Garden Q&A: Rust can take away from your hollyhock's beauty
Question: My old-fashioned hollyhocks were a complete disaster this year. By old-fashioned, I don't mean those new-age carnation types; I mean those single-petaled types we had as kids. This past spring, the leaves developed normally, but then a brown, ugly fungus took over. The stalks grew tall, but there were only puny buds and no flowers. Then the leaves and stalks died. What caused the fungus? What should I do in the spring to avoid this problem again?
Answer: Rust is a common fungal disease among hollyhocks, and the symptoms you describe are classic. There are thousands of different species of rust, some of which are major agricultural pests. The species of rust that attacks hollyhocks is Puccinia malvacearum and, unlike some other rusts, it needs only a member of the hollyhock family to complete its lifecycle. Other susceptible plants include mallows, rose-of-Sharon, lavatera, and flowering maples ( Abutilon sp.). The good news is that rust seldom kills hollyhock plants, but it does, as you discovered, make them look terrible. Here's what to do about it for next year.
The spores of hollyhock rust are spread from plant to plant primarily on the wind, though they can be spread by humans, animals or insects. Initial signs of rust are small, pale splotches on the upper leaf surface. They quickly turn into brilliant orange bumps on the lower leaf surface. These are the spore-producing bodies. They can also occur on the stems and even flower buds. In severe cases, as you discovered, affected leaves often shrivel up and drop off the plant entirely and the flowering is reduced.
As with all fungal diseases, wet leaf surfaces promote infection. Be sure to give your hollyhocks plenty of room to optimize air circulation around the plants. Always irrigate the root zone only and avoid wetting the leaves whenever possible. Since the spores easily survive winter on infected leaves and stems, right now you should head out to the garden and remove every piece of old foliage and all the stalks. Dispose of them in the trash or burn them. During the growing season, remove and throw away infected leaves as soon as possible.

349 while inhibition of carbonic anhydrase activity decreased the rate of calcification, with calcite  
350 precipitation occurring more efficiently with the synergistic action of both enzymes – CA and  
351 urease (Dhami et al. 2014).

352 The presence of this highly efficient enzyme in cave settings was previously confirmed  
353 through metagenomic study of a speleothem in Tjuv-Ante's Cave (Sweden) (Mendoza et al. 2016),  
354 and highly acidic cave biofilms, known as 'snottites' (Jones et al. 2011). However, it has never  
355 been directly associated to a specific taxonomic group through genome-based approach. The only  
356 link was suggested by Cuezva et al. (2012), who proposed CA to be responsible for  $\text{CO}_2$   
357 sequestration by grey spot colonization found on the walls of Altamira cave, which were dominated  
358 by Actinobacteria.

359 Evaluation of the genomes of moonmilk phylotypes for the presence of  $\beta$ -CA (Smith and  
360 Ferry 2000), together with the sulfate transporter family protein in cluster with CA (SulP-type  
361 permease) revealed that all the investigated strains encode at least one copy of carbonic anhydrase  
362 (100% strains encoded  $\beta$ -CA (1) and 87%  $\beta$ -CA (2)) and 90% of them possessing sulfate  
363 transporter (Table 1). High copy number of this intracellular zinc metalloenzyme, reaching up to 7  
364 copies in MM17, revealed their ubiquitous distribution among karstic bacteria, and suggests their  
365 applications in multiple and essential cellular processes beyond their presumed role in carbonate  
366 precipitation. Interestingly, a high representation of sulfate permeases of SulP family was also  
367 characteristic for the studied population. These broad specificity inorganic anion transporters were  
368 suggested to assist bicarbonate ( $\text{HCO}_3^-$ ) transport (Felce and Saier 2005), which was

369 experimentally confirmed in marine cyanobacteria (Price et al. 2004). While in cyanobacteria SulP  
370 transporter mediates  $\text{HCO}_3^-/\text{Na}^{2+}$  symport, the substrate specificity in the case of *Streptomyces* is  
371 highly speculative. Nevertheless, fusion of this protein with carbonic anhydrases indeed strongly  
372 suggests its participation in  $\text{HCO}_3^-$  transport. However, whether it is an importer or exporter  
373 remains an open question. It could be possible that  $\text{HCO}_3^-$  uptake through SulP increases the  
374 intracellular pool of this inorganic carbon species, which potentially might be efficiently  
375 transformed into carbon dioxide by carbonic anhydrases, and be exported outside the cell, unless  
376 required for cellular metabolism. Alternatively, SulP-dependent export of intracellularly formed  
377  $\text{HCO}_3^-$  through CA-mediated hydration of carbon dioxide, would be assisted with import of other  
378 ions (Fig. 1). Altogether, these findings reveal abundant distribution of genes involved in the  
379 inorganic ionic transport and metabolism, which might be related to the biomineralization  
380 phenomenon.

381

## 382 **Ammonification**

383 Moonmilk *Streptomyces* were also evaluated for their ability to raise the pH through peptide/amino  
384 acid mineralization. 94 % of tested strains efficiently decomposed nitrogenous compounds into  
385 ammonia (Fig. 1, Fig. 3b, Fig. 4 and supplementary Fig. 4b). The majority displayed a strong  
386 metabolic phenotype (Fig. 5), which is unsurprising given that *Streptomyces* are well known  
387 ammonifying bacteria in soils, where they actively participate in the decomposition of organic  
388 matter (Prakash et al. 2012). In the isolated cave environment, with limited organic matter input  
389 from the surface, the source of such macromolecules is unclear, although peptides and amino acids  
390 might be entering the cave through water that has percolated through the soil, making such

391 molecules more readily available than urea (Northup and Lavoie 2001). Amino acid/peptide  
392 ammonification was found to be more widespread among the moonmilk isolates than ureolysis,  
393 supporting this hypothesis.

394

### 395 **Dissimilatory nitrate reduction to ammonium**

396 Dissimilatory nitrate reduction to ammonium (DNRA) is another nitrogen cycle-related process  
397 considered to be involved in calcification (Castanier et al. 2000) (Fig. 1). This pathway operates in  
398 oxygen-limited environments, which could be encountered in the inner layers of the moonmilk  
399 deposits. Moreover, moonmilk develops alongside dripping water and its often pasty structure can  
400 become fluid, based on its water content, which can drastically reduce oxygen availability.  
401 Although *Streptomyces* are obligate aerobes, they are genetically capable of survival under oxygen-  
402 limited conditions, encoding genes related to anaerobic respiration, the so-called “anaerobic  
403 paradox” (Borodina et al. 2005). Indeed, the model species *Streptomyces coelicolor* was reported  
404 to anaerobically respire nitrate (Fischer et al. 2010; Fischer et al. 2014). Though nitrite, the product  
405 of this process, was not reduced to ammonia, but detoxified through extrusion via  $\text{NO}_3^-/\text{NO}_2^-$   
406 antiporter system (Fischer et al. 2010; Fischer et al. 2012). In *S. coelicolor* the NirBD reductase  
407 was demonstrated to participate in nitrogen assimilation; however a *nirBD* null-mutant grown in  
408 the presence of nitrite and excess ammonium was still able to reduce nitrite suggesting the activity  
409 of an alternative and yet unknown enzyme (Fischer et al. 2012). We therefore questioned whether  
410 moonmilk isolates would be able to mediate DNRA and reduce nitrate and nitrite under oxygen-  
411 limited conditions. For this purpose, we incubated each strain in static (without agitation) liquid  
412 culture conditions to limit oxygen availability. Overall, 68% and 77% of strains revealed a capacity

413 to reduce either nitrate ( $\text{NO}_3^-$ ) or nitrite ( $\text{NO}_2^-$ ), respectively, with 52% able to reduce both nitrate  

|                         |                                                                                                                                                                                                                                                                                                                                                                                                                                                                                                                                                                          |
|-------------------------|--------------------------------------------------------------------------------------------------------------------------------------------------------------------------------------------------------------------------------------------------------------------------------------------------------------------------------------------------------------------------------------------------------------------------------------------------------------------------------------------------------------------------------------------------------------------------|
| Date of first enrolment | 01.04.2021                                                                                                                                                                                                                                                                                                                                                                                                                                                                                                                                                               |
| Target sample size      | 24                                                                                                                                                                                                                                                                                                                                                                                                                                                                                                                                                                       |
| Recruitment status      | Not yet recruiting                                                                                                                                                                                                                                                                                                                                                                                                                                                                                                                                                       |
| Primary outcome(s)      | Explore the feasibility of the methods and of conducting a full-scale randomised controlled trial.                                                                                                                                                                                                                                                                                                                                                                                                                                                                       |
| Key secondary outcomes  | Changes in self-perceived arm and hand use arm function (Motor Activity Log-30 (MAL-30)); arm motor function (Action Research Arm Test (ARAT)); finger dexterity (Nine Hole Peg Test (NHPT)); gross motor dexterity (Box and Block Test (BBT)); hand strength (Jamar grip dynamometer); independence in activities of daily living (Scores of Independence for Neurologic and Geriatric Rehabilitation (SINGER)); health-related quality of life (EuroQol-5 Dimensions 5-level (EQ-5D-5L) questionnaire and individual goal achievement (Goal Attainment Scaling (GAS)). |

You also can use an organic biofungicide such as Serenade to aid in the prevention of rust next spring. It must be applied at 10-day intervals to upper and lower leaf surfaces before the initial signs of infection occur.
Horticulturist Jessica Walliser co-hosts “The Organic Gardeners” at 7 a.m. Sundays on KDKA Radio. She is the author of several gardening books, including “Grow Organic” and “Good Bug, Bad Bug.” Her website is www.jessicawalliser.com.
Send your gardening or landscaping questions to email@example.com or The Good Earth, 503 Martindale St., 3rd Floor, D.L. Clark Building, Pittsburgh, PA 15212
Show commenting policy
TribLive commenting policy
You are solely responsible for your comments and by using TribLive.com you agree to our Terms of Service.
We moderate comments. Our goal is to provide substantive commentary for a general readership. By screening submissions, we provide a space where readers can share intelligent and informed commentary that enhances the quality of our news and information.
While most comments will be posted if they are on-topic and not abusive, moderating decisions are subjective. We will make them as carefully and consistently as we can. Because of the volume of reader comments, we cannot review individual moderation decisions with readers.
We value thoughtful comments representing a range of views that make their point quickly and politely. We make an effort to protect discussions from repeated comments either by the same reader or different readers.
We follow the same standards for taste as the daily newspaper. A few things we won't tolerate: personal attacks, obscenity, vulgarity, profanity (including expletives and letters followed by dashes), commercial promotion, impersonations, incoherence, proselytizing and SHOUTING. Don't include URLs to Web sites.
We do not edit comments. They are either approved or deleted. We reserve the right to edit a comment that is quoted or excerpted in an article. In this case, we may fix spelling and punctuation.
We welcome strong opinions and criticism of our work, but we don't want comments to become bogged down with discussions of our policies and we will moderate accordingly.
We appreciate it when readers and people quoted in articles or blog posts point out errors of fact or emphasis and will investigate all assertions. But these suggestions should be sent via e-mail. To avoid distracting other readers, we won't publish comments that suggest a correction. Instead, corrections will be made in a blog post or in an article.
- Penguins trade for Toronto’s Kessel
- Pirates notebook: Cole cool about hostile comment
- Saudi prince will donate all wealth, $32B worth
- Ligonier Township officer’s widow to file civil suit
- Three seek to serve four-year term in seat of deceased county council member
- Steelers submit application to host Super Bowl
- Leading on race: Communities, not elites
- Second Blair County friar commits suicide in province under sex abuse investigation
- Famine nears in Yemen; deadly blasts continue
- Donora-Webster Bridge plunges into Mon River after 106 years
- FBI searching for Homestead man indicted for sex trafficking in children